The film, although six years in the making, only
came together four weeks ago and there’s still a mountain of financing
paperwork to be signed.

That’s the nature of independent filmmaking, especially in Canada, but on a
sunny Thursday afternoon on set in Golden Ears Provincial Park, the B.C.
production of coming-of-age movie If I Had Wings was in full swing.

The $1.5 million film about a blind high school track runner is very much a
mom-and-pop affair — as described by production manager John Prince — starring
Richard Harmon as the young lead, his sister Jessica as the coach, his father
Allan directing and mother Cynde producing.

The film also stars Craig Bierko (Body of Proof, The Three Stooges), Jaren
Brandt Bartlett (of CBC’s Arctic Air), Lorne Cardinal (Corner Gas), and Jill
Hennessy (known for her roles in Law and Order and Crossing Jordan).

As Cynde’s pet project, it took six years to cobble together the financing, and
to see it progressing means so much to the veteran producer she teared up just
speaking about it.

“It’s no blockbuster animated movie,” said the effusive Cynde, who co-founded
Really Reel Productions with her husband. “You can’t get that funding guarantee
from a distributor.”

“It’s not what they think is going to be a money-maker, although it’s a really
wonderful script.”

The plot centres on the teenage Alex (Harmon), who longs to be a distance
runner despite the fact he’s blind, and who forms an unlikely friendship with a
fellow underdog, the 16-year-old Brad (Bartlett). Brad lives on a reservation
and struggles to escape a cycle of poverty and crime, and the two friends lean
on each other to break down assumptions of their life prospects.

Although the film has a strong First Nations element besides the plot — Cynde
is Mi’kmaq, meaning her children are too — the film was denied
Aboriginal-specific funding. However, it did win a Shaw Rocket Fund grant for
youth programming, which made the project viable.

Then Kim Arnott of Vancouver production house Two 4 The Money Media signed on,
contracts were issued, and the crew was assembled and headed to the Fraser
Valley.

Unlike other sets, where Vancouver might be a stand-in for New York or Chicago,
this film is proudly British Columbian.

The white crew trucks were parked along Alouette Lake’s South Beach for the
second day of shooting on location; this time, for a scene during which Alex
outruns his father with dramatic results. Other scenes will be filmed in
downtown Vancouver next week.

“We’ve lived here for 20 years and worked here for 20 years, and we’re on the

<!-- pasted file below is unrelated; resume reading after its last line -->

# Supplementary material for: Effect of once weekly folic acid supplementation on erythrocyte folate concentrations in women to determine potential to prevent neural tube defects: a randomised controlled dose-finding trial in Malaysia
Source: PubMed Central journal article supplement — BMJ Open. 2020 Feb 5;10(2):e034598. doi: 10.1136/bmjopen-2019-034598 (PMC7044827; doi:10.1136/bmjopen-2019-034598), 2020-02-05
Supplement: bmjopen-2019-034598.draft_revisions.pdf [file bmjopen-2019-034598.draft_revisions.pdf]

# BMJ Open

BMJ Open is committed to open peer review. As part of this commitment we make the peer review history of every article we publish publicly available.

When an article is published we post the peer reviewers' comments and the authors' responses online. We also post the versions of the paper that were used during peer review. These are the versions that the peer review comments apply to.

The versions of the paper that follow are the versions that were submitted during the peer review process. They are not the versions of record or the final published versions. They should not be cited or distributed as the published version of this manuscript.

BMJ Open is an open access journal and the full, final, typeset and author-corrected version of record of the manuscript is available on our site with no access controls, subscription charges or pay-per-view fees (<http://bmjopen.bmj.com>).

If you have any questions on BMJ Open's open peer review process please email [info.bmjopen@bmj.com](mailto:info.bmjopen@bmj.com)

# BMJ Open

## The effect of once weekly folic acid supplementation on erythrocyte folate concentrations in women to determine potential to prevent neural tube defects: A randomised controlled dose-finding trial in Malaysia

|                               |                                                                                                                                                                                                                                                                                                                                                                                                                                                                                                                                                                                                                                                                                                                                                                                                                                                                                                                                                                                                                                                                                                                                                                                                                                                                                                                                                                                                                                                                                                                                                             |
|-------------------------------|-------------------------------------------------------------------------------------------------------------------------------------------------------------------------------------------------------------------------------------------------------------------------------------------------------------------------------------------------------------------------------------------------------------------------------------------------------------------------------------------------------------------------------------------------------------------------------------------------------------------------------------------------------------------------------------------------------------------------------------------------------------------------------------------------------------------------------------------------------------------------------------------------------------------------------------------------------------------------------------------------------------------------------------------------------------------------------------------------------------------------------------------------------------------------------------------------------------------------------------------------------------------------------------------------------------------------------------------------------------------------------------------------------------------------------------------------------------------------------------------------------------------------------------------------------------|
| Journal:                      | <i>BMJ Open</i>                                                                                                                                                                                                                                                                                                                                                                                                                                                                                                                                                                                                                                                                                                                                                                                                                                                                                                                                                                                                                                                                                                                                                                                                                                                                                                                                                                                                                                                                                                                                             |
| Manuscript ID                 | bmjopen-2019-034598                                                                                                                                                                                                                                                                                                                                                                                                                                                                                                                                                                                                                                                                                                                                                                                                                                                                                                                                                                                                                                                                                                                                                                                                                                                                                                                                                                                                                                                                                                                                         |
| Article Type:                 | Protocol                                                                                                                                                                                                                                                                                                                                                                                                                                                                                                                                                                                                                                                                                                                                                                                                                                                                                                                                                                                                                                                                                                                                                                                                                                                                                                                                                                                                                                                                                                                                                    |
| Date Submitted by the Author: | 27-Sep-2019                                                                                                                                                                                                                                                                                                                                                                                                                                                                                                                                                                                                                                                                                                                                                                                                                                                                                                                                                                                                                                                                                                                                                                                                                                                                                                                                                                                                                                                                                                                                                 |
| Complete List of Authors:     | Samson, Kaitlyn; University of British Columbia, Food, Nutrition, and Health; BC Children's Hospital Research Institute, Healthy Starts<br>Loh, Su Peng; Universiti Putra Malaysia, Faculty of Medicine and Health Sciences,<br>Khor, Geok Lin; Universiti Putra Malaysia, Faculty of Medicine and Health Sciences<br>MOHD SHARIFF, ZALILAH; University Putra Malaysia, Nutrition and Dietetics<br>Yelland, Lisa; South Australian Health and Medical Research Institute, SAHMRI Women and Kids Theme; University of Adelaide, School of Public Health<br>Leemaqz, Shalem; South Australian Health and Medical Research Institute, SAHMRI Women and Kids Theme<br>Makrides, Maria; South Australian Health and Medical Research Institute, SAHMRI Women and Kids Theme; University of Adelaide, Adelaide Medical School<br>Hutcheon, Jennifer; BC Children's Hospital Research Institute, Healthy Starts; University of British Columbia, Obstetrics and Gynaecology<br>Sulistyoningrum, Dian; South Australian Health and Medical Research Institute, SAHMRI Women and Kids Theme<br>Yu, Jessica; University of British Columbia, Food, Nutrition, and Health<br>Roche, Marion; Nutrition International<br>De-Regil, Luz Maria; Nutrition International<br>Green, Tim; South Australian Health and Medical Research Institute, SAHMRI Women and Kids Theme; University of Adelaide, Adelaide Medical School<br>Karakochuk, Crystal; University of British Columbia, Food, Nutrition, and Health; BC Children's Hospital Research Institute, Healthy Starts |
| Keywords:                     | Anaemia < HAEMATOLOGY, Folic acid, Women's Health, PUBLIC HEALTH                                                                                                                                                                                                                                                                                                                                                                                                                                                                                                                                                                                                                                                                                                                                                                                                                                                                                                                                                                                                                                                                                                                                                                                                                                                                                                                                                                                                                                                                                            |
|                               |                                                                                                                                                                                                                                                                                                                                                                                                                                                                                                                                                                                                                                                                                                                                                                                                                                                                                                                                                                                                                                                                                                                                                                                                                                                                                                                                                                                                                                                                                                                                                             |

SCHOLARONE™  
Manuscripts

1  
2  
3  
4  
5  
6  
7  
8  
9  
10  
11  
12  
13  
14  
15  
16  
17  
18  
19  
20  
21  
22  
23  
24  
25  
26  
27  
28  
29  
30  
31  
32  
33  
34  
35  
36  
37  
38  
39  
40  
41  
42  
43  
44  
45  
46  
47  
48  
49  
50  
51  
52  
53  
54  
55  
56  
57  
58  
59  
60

adamant side that we’re going to stay B.C.-oriented,” said Allan, who was born
in upstate New York. “We give very little thought to what’s happening on the
other side of the Alberta border.”

Although movies run in the family, it’s the first project in which Leo
Award-winner Harmon has been directed by his father.

He also stars in the sci-fi show Continuum, which is shot in Vancouver and just
renewed for a third season. Though that role is darker, it wasn’t hard to
relate to his character Alex, said Harmon, 21, who estimated he has 50 film and
television credits to his name.

“Blindness is just a physical aspect of Alex. It’s not who he is,” he said. “I
think we’ve all wanted to prove to people and break through what holds you back.”

“Early in my career, it was, ‘Oh your dad’s a director. That must be something
to do with (my success).’ And I worked tirelessly to shatter that illusion and
show this is what I want to do. I think that’s where we draw some
similarities.”

If the budget and shooting schedule are modest, clever marketing could propel
this film forward: American Idol 2009 finalist Scott MacIntyre, who is also
blind, was recruited to write the words and music to the theme song. It will
play during the final dramatic shot that uses a heli-cam for a sweeping shot of
Mount Blanshard’s twin peaks.

MacIntyre flew in from Nashville the previous night to watch the scene being
filmed.

The movie, he said, “really struck a chord with me.”

“When people look at me, or when they look at this character Alex in the film,
their first realization is there’s a lot of things a blind person can’t do. I
can’t drive, I can’t play baseball, I can’t see when my wife is smiling at me,”
he said, sitting at a picnic table in the park. “But I had this longing to play
music. It was kind of a crazy thing at first.”

MacIntyre, despite being born visually impaired with what he calls limited
“pinhole” vision, began to play piano by ear at age three and entered college
to study music at 14, later earning a master’s degree in performance from Royal
Holloway, University of London and the Royal College of Music, before
performing around the world.

“I just never stopped believing in the dream. It’s very similar to the
character Alex, who has a dream of running. He has a dream of having wings
metaphorically.”

The final piece of the puzzle fell in place when Jill Hennessy was cast as
Alex’s over-protective mother.

Hennessy was born in Edmonton and lived all over Canada including White Rock
and Cranbrook, but now resides in New York City with her husband and two young
sons, and divides her time between music and movies.

She rushed to B.C. on short notice — though she managed to find time to hike
Grouse Mountain. (Grind time: 43 minutes.)

Hennessy said she understood her character immediately.

“I think any parent can relate to that terrifying feeling of love and concern
and feeling of having absolutely no control over so many aspects of your
child’s life and letting go,” she said. “Sometimes there’s this art of dancing
between the lines of projecting a parent’s own insecurities and history onto
the child and actually isolating what the real dangers are.”

If I Had Wings wraps filming next week and producers hope to show it on the
film festival circuit including the imagineNATIVE festival in Toronto this
fall.

by Zoe McKnight